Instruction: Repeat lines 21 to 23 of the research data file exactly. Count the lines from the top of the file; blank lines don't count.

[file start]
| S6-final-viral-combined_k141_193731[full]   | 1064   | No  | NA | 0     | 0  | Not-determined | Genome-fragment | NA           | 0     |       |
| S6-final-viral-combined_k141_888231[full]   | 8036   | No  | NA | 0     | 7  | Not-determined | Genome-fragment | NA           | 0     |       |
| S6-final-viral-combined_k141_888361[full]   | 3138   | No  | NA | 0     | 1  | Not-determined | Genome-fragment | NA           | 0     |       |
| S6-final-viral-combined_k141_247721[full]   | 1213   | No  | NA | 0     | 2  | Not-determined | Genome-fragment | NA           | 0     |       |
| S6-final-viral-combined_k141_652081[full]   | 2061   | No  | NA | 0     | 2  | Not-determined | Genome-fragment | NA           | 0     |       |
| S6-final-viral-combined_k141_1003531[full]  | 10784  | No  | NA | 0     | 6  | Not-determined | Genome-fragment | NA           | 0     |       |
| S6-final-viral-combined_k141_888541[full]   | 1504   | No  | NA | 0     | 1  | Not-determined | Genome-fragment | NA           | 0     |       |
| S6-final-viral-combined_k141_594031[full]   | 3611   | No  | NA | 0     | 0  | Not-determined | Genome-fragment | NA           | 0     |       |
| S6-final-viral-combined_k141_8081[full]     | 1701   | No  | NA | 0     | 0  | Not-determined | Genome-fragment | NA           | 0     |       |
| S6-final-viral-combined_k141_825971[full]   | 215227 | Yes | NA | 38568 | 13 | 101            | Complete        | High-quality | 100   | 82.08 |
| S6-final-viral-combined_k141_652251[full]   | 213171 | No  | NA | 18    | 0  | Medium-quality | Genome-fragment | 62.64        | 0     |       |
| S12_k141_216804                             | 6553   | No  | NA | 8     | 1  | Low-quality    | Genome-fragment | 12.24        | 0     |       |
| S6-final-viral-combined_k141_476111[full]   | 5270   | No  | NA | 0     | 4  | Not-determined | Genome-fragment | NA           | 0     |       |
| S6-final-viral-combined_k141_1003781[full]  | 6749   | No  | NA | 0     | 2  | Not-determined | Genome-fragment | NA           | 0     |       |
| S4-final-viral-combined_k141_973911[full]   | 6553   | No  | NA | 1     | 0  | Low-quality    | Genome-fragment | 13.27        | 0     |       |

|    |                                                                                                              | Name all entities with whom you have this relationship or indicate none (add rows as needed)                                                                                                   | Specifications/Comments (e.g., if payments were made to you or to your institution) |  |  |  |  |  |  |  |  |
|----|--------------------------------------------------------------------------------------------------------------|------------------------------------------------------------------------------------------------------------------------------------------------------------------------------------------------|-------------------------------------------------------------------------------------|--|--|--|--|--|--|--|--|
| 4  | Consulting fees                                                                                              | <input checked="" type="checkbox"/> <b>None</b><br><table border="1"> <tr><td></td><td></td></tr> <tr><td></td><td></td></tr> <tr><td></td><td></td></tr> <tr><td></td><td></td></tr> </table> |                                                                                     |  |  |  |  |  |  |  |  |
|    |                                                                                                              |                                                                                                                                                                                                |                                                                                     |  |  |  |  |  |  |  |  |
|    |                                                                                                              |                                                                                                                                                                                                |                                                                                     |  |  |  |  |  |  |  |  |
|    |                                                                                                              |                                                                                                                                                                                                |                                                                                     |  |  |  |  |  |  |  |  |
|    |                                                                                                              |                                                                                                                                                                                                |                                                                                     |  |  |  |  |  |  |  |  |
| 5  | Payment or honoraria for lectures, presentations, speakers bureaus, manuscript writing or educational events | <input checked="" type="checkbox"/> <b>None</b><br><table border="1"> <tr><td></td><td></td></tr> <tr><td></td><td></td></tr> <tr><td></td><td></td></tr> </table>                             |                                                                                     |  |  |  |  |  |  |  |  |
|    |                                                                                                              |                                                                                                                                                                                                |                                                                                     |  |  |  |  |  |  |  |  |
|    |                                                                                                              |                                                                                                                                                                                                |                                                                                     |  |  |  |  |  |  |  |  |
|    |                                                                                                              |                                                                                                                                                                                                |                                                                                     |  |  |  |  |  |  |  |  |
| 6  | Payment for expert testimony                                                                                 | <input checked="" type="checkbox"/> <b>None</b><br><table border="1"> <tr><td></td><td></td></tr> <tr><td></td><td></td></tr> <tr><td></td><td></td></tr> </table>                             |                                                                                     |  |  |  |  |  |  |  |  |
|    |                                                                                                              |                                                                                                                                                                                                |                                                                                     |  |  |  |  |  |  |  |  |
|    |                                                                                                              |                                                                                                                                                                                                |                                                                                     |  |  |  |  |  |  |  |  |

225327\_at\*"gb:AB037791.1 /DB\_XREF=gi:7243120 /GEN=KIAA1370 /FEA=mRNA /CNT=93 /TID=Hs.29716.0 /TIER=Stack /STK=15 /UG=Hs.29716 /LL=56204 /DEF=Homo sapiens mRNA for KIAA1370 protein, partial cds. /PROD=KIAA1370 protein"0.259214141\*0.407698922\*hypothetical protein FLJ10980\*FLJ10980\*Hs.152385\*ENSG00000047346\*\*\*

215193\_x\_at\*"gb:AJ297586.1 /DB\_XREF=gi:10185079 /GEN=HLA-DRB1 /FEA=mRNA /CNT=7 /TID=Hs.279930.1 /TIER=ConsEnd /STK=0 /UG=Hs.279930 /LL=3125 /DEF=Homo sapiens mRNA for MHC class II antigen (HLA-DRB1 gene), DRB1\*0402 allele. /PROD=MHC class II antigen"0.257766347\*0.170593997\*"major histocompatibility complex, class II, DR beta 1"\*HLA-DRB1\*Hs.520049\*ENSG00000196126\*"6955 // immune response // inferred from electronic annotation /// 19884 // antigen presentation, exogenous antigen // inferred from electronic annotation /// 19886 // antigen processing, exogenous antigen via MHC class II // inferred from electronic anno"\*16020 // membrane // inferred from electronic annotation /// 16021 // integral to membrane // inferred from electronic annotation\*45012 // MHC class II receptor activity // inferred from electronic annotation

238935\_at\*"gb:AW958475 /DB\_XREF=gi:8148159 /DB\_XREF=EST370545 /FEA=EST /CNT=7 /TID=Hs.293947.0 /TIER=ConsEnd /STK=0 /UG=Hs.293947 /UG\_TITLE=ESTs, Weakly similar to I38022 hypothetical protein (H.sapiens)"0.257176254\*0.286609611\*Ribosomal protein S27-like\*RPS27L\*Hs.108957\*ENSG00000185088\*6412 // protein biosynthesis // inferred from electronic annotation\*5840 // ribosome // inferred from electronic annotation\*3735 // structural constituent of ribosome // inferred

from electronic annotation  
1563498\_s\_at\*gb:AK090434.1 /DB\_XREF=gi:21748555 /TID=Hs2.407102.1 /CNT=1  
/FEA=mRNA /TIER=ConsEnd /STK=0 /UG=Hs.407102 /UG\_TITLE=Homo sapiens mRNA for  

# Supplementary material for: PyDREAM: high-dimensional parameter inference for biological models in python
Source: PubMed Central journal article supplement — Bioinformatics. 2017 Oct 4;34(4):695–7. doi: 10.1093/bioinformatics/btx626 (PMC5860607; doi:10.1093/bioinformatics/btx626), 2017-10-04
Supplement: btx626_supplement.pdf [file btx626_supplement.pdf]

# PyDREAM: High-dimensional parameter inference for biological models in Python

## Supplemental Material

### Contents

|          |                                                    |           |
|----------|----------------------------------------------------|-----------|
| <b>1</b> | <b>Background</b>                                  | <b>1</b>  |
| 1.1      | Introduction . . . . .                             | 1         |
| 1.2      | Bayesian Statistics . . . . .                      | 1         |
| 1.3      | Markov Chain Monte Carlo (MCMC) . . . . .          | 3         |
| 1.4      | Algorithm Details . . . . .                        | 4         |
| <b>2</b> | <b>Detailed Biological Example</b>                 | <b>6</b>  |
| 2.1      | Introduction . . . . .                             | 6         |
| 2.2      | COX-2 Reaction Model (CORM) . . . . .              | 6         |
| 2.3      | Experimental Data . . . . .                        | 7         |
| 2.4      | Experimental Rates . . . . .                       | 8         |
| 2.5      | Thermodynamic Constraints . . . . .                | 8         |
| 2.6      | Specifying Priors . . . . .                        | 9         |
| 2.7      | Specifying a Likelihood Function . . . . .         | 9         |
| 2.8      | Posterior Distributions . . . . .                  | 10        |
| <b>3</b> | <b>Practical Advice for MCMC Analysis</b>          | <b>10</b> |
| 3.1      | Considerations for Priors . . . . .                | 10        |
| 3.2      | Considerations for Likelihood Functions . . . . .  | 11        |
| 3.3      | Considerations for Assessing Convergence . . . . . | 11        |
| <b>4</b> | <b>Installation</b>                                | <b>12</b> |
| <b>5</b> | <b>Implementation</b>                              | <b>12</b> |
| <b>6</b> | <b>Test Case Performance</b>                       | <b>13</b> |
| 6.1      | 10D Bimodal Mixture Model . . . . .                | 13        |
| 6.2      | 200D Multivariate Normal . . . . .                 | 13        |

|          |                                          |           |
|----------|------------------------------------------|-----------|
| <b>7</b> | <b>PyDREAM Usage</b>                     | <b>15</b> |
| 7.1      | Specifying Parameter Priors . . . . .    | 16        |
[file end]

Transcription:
|    |                                                                                                              |                                                                                                                                                                                                |                                                                                     |  |  |  |  |  |  |  |  |
|    |                                                                                                              |                                                                                                                                                                                                |                                                                                     |  |  |  |  |  |  |  |  |
| 5  | Payment or honoraria for lectures, presentations, speakers bureaus, manuscript writing or educational events | <input checked="" type="checkbox"/> <b>None</b><br><table border="1"> <tr><td></td><td></td></tr> <tr><td></td><td></td></tr> <tr><td></td><td></td></tr> </table>                             |                                                                                     |  |  |  |  |  |  |  |  |